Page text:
Recent trends indicate a decline in the tradition of companies offering Christmas bonuses to their staff. In the past, it was a common practice across various professions to express goodwill and gratitude towards employees for their year-round efforts, supplementing their regular salaries. However, financial constraints have led some companies to abandon this practice.
Today, we delve into the debate on whether Christmas bonuses should be a standard offering. While countries like the Philippines, Greece, Portugal, France, India, and Indonesia have instituted laws mandating end-of-year bonuses, distinctions exist between bonuses for individuals with modest incomes and those tied to employment.
For instance, in Portugal, the “13th month pay” or “holiday bonus” is legally mandated, offering a welcomed year-end benefit. Spain adopts a unique approach, distributing annual pay across 14 installments, with two additional bonuses in July and December. Similarly, Greece provides an extra month’s pay in December, along with half a month’s pay during Easter and the vacation season.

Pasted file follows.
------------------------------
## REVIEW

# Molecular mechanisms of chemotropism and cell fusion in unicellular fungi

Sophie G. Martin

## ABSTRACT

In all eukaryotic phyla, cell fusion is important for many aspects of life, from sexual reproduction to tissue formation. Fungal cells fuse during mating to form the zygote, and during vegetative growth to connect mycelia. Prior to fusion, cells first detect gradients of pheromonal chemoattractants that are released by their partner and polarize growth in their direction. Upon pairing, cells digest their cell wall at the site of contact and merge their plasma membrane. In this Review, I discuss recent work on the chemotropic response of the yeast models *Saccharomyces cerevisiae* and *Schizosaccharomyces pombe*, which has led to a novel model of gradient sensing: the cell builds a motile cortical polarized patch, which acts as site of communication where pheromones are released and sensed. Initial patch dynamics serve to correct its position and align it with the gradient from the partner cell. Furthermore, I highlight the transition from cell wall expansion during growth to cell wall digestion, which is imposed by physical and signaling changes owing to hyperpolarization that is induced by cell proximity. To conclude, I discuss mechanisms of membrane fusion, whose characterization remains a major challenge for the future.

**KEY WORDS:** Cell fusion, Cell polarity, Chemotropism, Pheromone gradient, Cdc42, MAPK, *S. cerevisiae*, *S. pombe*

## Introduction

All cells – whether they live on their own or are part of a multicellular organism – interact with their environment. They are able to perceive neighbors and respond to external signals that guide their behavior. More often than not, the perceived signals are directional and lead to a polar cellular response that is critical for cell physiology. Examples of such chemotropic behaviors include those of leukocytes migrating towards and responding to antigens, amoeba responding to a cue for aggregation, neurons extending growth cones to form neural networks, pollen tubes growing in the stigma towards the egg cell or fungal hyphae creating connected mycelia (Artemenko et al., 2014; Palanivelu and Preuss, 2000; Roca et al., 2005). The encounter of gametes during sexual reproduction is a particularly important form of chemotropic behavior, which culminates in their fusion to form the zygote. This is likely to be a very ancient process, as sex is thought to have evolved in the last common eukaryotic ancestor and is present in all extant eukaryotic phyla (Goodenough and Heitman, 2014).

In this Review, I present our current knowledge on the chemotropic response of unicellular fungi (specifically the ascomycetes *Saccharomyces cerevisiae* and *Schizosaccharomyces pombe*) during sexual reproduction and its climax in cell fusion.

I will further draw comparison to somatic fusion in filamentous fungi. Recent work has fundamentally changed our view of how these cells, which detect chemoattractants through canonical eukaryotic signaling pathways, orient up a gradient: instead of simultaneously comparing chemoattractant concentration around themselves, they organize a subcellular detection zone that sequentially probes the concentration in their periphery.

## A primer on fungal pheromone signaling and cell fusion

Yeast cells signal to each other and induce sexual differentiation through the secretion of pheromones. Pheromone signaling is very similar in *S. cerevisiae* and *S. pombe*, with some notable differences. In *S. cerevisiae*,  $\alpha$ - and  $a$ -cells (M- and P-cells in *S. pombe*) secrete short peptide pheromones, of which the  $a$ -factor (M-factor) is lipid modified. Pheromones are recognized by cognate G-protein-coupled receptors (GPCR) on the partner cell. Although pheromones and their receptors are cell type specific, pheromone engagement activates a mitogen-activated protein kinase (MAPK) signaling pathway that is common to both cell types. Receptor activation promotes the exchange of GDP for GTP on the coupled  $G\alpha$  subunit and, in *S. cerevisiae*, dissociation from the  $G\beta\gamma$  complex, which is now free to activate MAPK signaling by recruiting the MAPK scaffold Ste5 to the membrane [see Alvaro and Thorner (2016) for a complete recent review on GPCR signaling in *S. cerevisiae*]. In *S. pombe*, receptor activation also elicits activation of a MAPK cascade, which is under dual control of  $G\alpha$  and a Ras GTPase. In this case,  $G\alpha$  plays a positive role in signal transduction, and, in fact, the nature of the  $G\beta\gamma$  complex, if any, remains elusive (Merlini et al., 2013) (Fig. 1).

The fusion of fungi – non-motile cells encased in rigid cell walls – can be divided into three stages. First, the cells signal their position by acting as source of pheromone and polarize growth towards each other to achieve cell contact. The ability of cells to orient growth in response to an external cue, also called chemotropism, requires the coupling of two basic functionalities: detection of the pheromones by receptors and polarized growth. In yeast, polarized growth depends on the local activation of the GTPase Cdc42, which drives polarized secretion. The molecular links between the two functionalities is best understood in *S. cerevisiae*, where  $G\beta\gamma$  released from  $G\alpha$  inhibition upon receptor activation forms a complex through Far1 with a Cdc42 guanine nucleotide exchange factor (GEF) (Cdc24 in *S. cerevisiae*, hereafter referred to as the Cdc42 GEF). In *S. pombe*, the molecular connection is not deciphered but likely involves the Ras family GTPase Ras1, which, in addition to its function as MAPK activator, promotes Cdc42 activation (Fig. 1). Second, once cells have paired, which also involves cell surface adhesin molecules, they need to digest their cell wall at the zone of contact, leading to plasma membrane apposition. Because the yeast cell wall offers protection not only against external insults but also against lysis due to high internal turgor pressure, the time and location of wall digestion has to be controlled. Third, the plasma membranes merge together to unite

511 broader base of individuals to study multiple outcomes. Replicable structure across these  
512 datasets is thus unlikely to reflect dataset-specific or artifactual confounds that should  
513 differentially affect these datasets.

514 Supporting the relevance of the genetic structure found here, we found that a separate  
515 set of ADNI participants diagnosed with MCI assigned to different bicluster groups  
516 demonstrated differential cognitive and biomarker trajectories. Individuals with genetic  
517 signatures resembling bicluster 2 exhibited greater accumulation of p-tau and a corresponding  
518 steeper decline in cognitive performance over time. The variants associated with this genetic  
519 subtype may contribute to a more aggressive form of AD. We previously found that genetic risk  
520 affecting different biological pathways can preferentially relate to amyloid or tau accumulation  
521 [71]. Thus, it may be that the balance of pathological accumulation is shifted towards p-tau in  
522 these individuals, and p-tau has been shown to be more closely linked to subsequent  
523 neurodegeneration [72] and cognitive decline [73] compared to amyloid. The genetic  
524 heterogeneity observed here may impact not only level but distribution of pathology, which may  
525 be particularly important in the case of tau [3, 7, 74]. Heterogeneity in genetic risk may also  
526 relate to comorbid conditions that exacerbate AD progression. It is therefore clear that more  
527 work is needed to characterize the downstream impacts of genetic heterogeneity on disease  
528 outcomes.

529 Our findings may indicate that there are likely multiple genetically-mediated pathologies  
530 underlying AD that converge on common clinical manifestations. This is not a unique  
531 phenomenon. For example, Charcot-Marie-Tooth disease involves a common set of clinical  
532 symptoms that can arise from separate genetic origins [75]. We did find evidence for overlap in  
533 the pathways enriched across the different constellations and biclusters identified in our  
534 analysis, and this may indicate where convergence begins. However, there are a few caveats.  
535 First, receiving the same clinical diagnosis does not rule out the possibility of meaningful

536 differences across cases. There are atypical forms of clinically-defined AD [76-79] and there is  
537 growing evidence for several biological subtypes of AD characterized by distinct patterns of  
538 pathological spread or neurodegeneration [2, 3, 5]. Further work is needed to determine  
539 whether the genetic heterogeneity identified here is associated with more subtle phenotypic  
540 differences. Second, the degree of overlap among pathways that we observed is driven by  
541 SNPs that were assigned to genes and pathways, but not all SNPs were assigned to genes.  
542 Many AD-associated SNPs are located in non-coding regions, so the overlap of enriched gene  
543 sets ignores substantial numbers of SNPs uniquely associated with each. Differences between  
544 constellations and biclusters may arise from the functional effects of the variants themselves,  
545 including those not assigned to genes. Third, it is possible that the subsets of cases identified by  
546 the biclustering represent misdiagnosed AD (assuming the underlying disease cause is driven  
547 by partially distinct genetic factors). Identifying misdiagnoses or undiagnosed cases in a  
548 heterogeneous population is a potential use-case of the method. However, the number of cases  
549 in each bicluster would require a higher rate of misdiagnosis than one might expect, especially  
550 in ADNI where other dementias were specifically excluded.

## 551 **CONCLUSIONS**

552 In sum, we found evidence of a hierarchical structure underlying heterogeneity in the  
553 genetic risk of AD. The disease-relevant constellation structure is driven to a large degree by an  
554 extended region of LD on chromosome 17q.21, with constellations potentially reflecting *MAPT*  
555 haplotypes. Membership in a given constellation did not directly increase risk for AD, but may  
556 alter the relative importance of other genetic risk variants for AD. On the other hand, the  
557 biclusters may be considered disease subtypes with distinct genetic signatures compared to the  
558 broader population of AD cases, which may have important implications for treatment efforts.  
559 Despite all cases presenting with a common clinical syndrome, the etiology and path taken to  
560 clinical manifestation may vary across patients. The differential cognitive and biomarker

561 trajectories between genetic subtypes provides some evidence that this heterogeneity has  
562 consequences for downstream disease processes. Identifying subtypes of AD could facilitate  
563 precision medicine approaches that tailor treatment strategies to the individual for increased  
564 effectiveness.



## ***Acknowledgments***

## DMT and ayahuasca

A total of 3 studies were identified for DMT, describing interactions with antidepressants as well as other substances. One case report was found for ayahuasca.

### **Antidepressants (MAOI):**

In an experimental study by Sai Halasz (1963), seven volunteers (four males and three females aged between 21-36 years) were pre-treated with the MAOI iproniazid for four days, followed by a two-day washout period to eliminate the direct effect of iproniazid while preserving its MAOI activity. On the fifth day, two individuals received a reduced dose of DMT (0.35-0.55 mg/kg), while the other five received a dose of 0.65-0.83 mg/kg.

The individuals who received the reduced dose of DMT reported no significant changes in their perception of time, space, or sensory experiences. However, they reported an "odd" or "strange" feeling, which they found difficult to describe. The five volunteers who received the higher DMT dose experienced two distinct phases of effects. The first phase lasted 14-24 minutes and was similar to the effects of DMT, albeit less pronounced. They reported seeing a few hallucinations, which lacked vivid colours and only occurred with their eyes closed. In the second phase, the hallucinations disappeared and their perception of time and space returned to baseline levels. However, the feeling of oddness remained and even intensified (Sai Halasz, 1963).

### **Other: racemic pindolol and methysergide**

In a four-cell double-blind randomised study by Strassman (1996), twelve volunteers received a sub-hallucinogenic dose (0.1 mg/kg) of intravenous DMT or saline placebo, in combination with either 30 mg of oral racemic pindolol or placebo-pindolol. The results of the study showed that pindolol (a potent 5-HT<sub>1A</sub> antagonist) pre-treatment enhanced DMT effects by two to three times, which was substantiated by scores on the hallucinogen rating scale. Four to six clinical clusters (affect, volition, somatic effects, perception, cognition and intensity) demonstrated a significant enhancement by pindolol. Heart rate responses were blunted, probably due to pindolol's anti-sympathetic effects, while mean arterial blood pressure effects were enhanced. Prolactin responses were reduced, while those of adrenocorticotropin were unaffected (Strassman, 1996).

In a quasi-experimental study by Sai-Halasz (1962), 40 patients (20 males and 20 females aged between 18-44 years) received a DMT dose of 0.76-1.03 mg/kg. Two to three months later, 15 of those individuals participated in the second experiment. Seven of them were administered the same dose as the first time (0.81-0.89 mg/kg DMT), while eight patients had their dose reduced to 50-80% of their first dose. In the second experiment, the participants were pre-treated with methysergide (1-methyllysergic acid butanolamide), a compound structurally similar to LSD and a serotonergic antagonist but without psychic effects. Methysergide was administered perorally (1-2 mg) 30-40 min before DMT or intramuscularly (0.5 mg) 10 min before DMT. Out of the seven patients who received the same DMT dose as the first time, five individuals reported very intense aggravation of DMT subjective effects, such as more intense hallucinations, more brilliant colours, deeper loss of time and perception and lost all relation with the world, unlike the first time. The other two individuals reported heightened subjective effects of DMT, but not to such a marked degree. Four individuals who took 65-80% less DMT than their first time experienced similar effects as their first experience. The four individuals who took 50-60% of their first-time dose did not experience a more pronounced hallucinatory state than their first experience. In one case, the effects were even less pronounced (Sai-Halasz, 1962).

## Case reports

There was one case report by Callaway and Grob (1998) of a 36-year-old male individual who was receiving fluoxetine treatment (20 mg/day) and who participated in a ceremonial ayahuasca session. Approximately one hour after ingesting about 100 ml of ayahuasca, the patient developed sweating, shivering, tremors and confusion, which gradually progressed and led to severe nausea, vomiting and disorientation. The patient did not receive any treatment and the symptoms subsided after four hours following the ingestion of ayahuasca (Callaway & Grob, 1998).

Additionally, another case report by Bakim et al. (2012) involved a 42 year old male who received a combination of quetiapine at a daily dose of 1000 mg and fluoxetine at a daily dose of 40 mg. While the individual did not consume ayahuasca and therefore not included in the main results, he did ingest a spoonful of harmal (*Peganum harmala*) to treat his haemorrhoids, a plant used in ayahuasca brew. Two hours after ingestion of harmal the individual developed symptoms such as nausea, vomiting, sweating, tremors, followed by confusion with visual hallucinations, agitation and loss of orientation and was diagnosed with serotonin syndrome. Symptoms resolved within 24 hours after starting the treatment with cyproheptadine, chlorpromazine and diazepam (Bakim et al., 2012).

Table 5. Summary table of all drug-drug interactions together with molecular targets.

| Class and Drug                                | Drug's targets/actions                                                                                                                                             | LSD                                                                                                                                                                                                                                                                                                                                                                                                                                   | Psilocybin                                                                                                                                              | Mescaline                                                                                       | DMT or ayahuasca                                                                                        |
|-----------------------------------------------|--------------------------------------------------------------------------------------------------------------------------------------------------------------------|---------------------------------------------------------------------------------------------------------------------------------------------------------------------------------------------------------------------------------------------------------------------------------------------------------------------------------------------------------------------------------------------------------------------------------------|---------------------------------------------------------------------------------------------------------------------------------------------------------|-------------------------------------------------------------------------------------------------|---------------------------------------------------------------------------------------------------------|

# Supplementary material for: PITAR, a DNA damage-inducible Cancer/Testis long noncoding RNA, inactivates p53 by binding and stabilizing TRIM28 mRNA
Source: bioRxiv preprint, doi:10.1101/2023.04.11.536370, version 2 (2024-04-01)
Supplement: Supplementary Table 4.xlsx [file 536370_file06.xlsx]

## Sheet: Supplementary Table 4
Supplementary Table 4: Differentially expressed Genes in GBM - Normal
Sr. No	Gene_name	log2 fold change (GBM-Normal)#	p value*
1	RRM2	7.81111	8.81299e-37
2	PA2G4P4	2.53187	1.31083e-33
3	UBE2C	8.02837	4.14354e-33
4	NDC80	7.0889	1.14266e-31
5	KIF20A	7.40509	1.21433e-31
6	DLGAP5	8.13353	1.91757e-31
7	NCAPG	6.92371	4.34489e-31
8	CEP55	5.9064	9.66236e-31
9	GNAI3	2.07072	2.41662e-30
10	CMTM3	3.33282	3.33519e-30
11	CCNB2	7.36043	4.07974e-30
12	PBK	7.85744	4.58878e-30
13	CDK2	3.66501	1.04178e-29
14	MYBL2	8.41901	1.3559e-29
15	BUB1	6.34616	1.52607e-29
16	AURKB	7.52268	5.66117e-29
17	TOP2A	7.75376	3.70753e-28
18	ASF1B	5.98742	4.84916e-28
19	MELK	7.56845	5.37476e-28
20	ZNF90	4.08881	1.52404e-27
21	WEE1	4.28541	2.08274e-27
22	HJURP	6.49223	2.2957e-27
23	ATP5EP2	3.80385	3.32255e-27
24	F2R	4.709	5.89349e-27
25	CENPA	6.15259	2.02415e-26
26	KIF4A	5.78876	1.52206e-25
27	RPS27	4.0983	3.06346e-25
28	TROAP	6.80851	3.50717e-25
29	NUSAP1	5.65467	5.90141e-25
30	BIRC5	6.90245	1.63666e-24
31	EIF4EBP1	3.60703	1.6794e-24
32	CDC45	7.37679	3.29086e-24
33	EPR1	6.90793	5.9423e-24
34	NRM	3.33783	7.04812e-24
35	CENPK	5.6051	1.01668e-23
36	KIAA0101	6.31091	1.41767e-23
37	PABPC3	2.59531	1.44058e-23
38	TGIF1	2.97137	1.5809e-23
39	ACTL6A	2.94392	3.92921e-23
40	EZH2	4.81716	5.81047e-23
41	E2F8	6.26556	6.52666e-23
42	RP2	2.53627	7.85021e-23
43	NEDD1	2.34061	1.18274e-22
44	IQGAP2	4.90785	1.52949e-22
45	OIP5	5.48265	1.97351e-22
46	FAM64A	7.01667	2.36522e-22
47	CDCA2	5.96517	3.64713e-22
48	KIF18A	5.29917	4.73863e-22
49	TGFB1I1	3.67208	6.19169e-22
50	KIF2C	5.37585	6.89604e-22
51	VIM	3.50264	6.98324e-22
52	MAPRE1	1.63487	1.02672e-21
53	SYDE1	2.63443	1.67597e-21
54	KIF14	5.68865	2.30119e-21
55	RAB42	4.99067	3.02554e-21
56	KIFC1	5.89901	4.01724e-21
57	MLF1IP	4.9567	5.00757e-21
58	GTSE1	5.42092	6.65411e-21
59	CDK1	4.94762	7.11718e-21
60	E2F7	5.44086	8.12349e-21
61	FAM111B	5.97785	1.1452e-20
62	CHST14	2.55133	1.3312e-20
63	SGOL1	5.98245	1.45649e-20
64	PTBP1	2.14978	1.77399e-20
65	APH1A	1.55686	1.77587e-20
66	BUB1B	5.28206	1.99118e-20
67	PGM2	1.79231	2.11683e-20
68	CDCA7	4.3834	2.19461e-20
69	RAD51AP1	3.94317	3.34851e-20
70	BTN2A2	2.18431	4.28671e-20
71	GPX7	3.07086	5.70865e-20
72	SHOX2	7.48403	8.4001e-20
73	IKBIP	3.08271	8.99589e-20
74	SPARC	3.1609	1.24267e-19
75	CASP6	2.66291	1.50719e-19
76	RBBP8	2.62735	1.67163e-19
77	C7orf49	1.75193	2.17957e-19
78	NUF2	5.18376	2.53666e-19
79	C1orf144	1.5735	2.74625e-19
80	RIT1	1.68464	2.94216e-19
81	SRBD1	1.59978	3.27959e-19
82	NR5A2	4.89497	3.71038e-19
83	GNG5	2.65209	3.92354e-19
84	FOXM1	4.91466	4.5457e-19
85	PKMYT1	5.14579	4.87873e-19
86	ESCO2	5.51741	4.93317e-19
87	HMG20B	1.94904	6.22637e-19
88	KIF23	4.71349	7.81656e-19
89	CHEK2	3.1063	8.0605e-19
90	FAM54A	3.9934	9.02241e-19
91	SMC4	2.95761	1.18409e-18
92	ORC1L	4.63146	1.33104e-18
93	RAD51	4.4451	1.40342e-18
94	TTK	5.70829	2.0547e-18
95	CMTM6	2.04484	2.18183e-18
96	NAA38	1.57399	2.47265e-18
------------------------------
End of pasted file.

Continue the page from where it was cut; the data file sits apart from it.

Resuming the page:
Contrastingly, countries like Austria, Belgium, Cyprus, France, Germany, and Italy negotiate 13th month bonuses based on factors such as tenure, industry, and contract terms.
Perhaps you’re an employer with reservations about Christmas bonuses, or an employee who has experienced the discontinuation of this annual perk. Is it fair for employers not to provide bonuses, or is it reasonable to expect employees to fulfill their roles without anticipating extra incentives?
Join the conversation as we explore the nuances of Christmas bonuses – from cultural practices to the legal landscape. Should there be a legal mandate for Christmas bonuses, or is it a matter of individual company policies and employee expectations? Share your thoughts on whether this tradition should continue in the modern workplace.